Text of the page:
reproacht3

2021-12-26

Find the solution of the following Differential Equations
${y}^{\prime }=\left(y-x\right)$

puhnut1m

$\frac{dy}{dx}={\left(y-x\right)}^{2}$
Let $y-x=t$
$\frac{dy}{dx}-1=\frac{dt}{dx}$
$⇒\frac{dy}{dx}=\frac{dt}{dx}+1$
$\frac{dt}{dx}+1={t}^{2}$
$\frac{dt}{dx}={t}^{2}-1$
$\int \frac{dt}{{t}^{2}-1}=\int dx$
$\frac{1}{2}\mathrm{ln}\left(\frac{t-1}{t+1}\right)=x+c$
$\mathrm{ln}\left(\frac{y-x-1}{y-x+1}\right)=2x+2c$

Jimmy Macias

$y=x+\frac{{a}^{2}+{x}^{2}}{{a}^{2}-{x}^{2}}$
where a is a constant of integration.
Explanation:
Let us change variables to $u=y-x$
Then ${u}^{\prime }={y}^{\prime }-1$ and so the differential equation becomes
${u}^{\prime }={u}^{2}-1⇒\frac{du}{{u}^{2}-1}=dx⇒\frac{1}{2}\mathrm{log}|\frac{u-1}{u+1}|=\mathrm{log}x-\mathrm{log}a$
where we have written the constant of integration as $-\mathrm{log}a$. Thus $\frac{u-1}{u+1}=\frac{{x}^{2}}{{a}^{2}}⇒u=\frac{{a}^{2}+{x}^{2}}{{a}^{2}-{x}^{2}}$

karton

Explanation:
We have: ${y}^{\prime }=\left(y-x{\right)}^{2}\left[A\right]$
Perform the substitution:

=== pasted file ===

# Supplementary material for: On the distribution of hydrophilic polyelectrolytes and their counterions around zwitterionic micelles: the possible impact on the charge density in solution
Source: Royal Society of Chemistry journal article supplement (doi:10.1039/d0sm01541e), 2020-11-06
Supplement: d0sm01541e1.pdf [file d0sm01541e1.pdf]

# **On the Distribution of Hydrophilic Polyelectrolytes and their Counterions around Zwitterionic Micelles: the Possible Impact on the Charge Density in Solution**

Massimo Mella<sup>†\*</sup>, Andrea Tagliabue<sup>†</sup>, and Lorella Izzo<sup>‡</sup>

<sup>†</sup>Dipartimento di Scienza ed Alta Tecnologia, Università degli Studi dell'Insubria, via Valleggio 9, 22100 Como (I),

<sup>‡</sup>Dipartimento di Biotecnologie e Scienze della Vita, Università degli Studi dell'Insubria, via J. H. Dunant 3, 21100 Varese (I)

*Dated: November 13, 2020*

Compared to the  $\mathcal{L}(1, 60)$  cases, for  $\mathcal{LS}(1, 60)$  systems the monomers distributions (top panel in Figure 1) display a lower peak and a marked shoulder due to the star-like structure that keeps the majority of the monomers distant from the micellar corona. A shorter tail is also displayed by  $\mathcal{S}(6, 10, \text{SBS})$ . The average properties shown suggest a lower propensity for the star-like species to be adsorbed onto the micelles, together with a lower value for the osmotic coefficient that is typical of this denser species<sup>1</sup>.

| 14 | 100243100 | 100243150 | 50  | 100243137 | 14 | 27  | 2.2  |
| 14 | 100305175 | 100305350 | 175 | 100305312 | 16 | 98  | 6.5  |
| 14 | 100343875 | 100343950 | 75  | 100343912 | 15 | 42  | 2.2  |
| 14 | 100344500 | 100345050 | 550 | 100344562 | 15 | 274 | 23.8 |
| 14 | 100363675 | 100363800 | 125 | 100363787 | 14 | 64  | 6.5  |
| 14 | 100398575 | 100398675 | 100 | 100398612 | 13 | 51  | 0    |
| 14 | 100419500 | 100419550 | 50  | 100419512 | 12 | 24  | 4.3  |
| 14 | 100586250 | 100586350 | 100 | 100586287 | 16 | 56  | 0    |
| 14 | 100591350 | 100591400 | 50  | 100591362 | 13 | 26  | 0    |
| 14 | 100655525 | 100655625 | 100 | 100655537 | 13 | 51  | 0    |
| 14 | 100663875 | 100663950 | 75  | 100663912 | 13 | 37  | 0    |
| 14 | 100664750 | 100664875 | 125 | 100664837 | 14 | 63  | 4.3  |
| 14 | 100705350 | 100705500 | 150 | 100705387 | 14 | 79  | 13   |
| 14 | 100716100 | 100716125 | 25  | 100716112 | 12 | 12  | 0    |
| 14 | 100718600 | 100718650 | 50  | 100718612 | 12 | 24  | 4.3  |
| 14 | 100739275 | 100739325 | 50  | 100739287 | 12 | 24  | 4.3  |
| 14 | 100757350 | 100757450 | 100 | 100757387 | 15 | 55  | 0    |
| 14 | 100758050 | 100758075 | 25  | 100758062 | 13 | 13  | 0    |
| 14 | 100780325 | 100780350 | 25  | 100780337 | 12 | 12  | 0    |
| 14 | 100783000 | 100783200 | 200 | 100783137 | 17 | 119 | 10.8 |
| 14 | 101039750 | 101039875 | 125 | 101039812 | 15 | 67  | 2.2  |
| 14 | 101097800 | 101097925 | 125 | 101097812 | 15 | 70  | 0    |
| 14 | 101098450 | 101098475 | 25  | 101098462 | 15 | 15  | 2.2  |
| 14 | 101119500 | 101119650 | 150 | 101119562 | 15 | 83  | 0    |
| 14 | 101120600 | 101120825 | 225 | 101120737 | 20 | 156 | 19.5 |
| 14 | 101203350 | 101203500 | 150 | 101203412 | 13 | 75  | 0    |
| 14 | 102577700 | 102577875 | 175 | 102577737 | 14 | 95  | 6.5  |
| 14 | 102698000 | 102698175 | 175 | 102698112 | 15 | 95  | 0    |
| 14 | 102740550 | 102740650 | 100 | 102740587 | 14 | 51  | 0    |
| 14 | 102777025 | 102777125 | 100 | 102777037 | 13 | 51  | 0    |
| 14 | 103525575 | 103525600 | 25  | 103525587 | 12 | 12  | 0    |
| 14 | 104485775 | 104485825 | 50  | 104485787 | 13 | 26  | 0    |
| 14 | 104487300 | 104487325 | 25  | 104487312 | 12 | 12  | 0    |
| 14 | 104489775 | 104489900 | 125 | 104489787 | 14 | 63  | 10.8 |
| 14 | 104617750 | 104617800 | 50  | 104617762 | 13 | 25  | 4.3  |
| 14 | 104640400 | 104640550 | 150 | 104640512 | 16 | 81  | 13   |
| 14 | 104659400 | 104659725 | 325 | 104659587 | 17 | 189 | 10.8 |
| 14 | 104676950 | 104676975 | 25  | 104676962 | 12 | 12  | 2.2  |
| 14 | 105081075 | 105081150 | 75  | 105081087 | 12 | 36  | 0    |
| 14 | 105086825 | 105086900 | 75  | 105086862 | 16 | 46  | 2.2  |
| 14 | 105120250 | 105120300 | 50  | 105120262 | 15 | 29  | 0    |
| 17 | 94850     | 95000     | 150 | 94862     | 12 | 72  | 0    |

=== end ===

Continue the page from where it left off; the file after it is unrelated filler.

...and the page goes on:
u=y-x
Then differentiating wrt x, and applying the product rule:
$\frac{du}{dx}=\frac{dy}{dx}-1⇒\frac{dy}{dx}=1+\frac{du}{dx}$
Substituting into the DE:
$1+\frac{du}{dx}={u}^{2}$
$\therefore \frac{du}{dx}={u}^{2}-1$
Reducing the DE to a separable form:
$\frac{1}{{u}^{2}-1}\frac{du}{dx}=1$
So we can ''separate the variables'' to get:
$\int \frac{1}{{u}^{2}-1}du=\int dx$
We can perform partial fraction decomposition of the LHS integrand:
$\frac{1}{{u}^{2}-1}=\frac{1}{\left(u+1\right)\left(u-1\right)}$
$=\frac{A}{u+1}+\frac{B}{u-1}$
And using the ''cover up'' methods we get:
$A=-\frac{1}{2},B=\frac{1}{2}$
Allowing us to write the equation as:
$\frac{1}{2}\int \frac{1}{u-1}-\frac{1}{u+1}du=\int dx$
And integrating, we get:
$\begin{array}{}\\ \frac{1}{2}\mathrm{ln}\left(u-1\right)-\mathrm{ln}\left(u+1\right)=x+C\\ \mathrm{ln}\left(\frac{u-1}{u+1}\right)=2x+2C\\ \frac{u-1}{u+1}={e}^{2x+2C}\\ u-1=\left(u+1\right)A{e}^{2x}\\ u-1=uA{e}^{2x}+A{e}^{2x}\\ u-uA{e}^{2x}=1+A{e}^{2x}\\ u\left(1-A{e}^{2x}\right)=1+A{e}^{2x}\\ u=\frac{1+A{e}^{2x}}{1-A{e}^{2x}}\end{array}$

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